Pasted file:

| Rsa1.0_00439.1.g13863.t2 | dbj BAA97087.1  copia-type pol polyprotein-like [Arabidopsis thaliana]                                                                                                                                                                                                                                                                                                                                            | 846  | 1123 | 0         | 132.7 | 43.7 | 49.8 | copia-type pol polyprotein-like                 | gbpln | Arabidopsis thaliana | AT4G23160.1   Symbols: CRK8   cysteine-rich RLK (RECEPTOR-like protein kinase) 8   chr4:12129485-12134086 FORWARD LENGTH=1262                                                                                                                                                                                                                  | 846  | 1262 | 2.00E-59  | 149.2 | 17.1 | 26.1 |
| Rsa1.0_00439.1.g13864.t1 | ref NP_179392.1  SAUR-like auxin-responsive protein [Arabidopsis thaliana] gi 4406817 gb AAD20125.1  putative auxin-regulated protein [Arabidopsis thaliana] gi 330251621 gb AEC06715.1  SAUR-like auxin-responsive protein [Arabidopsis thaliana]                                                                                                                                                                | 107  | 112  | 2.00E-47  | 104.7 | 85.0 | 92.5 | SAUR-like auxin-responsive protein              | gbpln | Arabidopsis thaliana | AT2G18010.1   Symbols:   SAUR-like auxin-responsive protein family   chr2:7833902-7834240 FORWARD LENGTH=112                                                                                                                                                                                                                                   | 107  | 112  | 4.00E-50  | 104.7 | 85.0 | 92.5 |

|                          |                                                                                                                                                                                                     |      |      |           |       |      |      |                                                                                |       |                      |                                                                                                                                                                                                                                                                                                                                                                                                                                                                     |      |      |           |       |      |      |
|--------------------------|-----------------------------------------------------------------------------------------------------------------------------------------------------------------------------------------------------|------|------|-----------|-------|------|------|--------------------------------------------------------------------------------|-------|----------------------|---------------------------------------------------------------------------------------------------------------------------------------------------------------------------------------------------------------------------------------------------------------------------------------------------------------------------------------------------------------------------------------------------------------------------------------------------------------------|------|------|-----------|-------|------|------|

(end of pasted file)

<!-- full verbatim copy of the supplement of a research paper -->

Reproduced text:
| Rsa1.0_00439.1.g13863.t2 | dbj BAA97087.1  copia-type pol polyprotein-like [Arabidopsis thaliana]                                                                                                                                                                                                                                                                                                                                            | 846  | 1123 | 0         | 132.7 | 43.7 | 49.8 | copia-type pol polyprotein-like                 | gbpln | Arabidopsis thaliana | AT4G23160.1   Symbols: CRK8   cysteine-rich RLK (RECEPTOR-like protein kinase) 8   chr4:12129485-12134086 FORWARD LENGTH=1262                                                                                                                                                                                                                  | 846  | 1262 | 2.00E-59  | 149.2 | 17.1 | 26.1 |
| Rsa1.0_00439.1.g13864.t1 | ref NP_179392.1  SAUR-like auxin-responsive protein [Arabidopsis thaliana] gi 4406817 gb AAD20125.1  putative auxin-regulated protein [Arabidopsis thaliana] gi 330251621 gb AEC06715.1  SAUR-like auxin-responsive protein [Arabidopsis thaliana]                                                                                                                                                                | 107  | 112  | 2.00E-47  | 104.7 | 85.0 | 92.5 | SAUR-like auxin-responsive protein              | gbpln | Arabidopsis thaliana | AT2G18010.1   Symbols:   SAUR-like auxin-responsive protein family   chr2:7833902-7834240 FORWARD LENGTH=112                                                                                                                                                                                                                                   | 107  | 112  | 4.00E-50  | 104.7 | 85.0 | 92.5 |

|                          |                                                                                                                                                                                                     |      |      |           |       |      |      |                                                                                |       |                      |                                                                                                                                                                                                                                                                                                                                                                                                                                                                     |      |      |           |       |      |      |
|--------------------------|-----------------------------------------------------------------------------------------------------------------------------------------------------------------------------------------------------|------|------|-----------|-------|------|------|--------------------------------------------------------------------------------|-------|----------------------|---------------------------------------------------------------------------------------------------------------------------------------------------------------------------------------------------------------------------------------------------------------------------------------------------------------------------------------------------------------------------------------------------------------------------------------------------------------------|------|------|-----------|-------|------|------|